More importantly, how will my reluctance to take root where I’m planted affect my children? Even if I were okay with living a stunted life while I wait for the opportunity to return to my “real” life in Ukraine, that’s not what I want for my children. I want them to thrive here and now! But how can I help them do that if I’m unwilling to set the example and actively pursue growth and fruitfulness myself? But how do I embrace my current life while I am still very much mourning the life I lost? And what would it look like to put down roots here when I have no idea if Hungary will be a long-term home for us?

I remember during the first eight years of my life in Ukraine, I always lived in terms of the next move. We moved so frequently in the first four and a half years that I bought a bunch of clear plastic storage bins to hold much of our stuff permanently. Most of those moves were forced on us by things beyond our control, and at some point I just accepted that we would never get to stay anywhere long-term. Rather than unpack and repack every few months, I would just stack all our storage bins in closets or out-of-the-way corners so that the next move wouldn’t be so difficult. During this stage I also didn’t decorate our living spaces. What was the point of hanging up pictures—creating holes in the walls that might irritate the landlord—when I had no idea how long we’d be able to stay?

I remember when I finally started to turn our rented spaces into homes by daring to settle in a little and even decorate. It was transformational, and I wondered why I’d waited so long.

I feel like it’s time to dare to settle in a little.

I spent the last year in a holding pattern, waiting to see what was going to happen with us. Initially, we were willing to put up with the inconvenience of a really small apartment because of the amazing park nearby—and because, in our minds, it was just a temporary arrangement. We were going back to Ukraine soon. But it’s already been a year with no end to the war in sight. It’s time to reevaluate. The kids’ tempers are beginning to flare as a result of living in such close quarters, and I have begun to experience a sort of social claustrophobia because there isn’t a single space in our apartment where I can be alone. Even our bedroom doubles as a homeschool room, and when you have only 1 toilet for 8 people, hiding in the bathroom isn’t an option for long. Some days I’m actually desperate enough to hide in a wardrobe, but they are all too cramped to sit down inside!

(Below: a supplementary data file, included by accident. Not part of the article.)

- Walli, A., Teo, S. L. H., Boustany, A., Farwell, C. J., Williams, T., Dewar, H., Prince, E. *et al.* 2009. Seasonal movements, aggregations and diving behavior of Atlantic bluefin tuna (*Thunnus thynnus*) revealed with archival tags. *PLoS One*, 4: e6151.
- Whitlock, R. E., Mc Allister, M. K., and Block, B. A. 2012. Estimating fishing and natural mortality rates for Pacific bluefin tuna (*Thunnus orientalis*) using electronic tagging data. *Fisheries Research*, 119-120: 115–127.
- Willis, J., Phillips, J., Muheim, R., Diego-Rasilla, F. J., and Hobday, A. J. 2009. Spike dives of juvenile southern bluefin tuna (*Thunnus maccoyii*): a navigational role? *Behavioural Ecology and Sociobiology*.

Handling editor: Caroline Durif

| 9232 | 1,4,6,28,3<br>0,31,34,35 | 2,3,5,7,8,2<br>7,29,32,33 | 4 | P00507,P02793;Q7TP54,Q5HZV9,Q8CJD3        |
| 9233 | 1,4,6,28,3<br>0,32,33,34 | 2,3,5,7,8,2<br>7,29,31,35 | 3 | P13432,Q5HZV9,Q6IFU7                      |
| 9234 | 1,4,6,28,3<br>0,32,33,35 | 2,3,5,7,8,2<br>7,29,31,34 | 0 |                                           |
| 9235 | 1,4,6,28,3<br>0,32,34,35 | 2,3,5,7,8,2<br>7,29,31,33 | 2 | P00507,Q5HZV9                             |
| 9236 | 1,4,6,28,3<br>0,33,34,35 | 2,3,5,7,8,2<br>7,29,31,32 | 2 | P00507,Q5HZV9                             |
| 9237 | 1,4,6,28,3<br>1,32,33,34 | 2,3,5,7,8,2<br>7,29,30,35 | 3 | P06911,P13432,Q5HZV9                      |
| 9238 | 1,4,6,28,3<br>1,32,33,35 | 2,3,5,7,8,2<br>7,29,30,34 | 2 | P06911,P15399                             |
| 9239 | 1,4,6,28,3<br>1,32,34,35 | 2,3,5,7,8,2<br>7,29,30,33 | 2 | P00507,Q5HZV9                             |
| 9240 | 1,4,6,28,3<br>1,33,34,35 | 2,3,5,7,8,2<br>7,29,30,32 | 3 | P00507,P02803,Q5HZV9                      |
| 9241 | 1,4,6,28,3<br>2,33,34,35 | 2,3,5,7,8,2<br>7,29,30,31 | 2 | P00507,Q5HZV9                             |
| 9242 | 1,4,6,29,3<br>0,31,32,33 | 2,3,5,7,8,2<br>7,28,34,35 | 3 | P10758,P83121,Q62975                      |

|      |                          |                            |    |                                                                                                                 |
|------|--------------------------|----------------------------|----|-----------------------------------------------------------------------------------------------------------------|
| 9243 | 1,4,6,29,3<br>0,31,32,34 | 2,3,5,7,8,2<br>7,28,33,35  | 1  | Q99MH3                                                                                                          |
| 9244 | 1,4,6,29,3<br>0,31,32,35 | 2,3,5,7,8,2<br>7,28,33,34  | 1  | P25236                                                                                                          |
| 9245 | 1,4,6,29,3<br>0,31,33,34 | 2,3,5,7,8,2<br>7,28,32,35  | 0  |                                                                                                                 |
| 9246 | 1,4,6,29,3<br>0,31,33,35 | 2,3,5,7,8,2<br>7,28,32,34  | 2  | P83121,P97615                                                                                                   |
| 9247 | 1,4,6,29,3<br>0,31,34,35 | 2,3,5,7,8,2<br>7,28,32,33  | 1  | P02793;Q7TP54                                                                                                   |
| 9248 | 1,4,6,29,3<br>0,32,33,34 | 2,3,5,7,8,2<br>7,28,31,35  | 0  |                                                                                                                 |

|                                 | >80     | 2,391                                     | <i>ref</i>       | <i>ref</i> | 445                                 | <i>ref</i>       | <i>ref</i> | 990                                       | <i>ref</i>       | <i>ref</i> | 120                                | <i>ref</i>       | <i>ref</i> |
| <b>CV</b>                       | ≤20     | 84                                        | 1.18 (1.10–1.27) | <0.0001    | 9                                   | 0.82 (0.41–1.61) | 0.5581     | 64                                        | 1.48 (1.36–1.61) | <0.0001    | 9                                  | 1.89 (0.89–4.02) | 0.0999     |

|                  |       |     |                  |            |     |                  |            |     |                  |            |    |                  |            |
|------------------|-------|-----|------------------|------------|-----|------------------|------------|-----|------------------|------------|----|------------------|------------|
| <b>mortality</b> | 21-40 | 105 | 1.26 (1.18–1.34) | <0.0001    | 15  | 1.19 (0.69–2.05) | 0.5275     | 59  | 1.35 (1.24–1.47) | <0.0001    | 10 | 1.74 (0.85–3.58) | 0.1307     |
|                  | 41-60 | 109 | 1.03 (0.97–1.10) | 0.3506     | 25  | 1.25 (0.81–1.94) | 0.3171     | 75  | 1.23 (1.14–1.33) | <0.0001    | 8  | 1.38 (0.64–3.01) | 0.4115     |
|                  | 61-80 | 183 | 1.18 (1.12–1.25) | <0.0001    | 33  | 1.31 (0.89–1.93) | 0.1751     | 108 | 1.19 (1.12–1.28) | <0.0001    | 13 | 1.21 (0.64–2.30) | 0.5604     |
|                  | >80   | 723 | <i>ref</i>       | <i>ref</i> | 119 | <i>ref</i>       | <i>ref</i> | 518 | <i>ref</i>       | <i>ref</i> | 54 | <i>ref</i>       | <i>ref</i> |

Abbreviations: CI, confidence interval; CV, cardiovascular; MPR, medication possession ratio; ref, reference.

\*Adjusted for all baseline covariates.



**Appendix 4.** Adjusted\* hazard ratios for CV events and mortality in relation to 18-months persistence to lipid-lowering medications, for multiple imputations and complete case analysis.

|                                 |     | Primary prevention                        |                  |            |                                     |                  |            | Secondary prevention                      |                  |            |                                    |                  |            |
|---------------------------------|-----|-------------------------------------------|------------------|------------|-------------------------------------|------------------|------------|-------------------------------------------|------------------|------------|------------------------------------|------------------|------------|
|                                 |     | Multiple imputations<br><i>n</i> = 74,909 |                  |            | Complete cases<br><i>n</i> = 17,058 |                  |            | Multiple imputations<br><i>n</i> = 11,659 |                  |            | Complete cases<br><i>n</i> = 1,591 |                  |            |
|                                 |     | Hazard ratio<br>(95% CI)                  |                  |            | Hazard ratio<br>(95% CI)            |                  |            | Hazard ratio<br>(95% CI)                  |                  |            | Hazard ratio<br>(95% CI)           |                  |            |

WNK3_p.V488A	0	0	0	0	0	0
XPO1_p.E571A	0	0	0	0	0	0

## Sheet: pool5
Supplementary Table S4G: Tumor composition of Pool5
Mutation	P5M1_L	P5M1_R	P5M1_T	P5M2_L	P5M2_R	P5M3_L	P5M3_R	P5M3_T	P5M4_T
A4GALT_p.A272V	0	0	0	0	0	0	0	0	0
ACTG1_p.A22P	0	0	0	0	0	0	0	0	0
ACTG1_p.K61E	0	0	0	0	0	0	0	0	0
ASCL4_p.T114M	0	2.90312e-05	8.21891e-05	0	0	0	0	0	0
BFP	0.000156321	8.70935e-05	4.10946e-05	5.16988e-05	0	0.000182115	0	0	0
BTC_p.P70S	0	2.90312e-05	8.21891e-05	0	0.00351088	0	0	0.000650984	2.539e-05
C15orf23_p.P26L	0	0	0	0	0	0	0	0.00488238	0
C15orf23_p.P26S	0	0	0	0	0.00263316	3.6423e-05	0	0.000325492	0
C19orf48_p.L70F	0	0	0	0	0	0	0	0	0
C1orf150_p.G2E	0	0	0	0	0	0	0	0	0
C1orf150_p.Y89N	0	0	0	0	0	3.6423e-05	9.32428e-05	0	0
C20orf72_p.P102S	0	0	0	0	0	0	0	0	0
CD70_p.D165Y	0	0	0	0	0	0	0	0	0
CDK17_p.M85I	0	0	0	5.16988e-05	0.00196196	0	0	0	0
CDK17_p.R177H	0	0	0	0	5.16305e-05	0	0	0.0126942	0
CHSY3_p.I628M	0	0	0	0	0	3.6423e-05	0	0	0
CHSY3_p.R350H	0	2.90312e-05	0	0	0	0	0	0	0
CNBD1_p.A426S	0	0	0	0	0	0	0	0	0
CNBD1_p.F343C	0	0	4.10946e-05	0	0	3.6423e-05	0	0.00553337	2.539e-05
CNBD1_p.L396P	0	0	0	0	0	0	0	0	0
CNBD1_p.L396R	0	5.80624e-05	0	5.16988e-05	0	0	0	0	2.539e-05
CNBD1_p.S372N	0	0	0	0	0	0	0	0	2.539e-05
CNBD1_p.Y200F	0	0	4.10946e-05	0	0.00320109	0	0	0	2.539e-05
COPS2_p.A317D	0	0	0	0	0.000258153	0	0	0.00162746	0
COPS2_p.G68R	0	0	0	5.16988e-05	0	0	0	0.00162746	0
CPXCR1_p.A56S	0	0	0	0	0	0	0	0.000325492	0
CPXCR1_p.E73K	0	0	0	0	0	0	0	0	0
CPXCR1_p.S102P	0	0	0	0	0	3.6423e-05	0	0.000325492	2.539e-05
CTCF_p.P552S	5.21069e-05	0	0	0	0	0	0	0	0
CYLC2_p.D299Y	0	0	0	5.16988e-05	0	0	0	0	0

So when we recently found out about a large apartment for rent right across the street from the park we love so much, we went to look at it. Initially almost everyone in the family was resistant to the idea of moving. At the beginning of the war, we moved seven times in the space of three weeks. It was brutal. Getting a stable place to live was a complete game-changer for us, allowing us to begin to recover from the shock and trauma of being torn away from the life and friends that we had loved so much in Kyiv. The apartment where we have been living has been a safe cocoon for us, and it was hard to contemplate ripping that cocoon open and subjecting ourselves to the upheaval of yet another move—on purpose. But as we allowed ourselves to try to imagine a different life, we started to realize that our cocoon has become too constricting. It’s time to find a space where we can spread our wings and learn to fly again.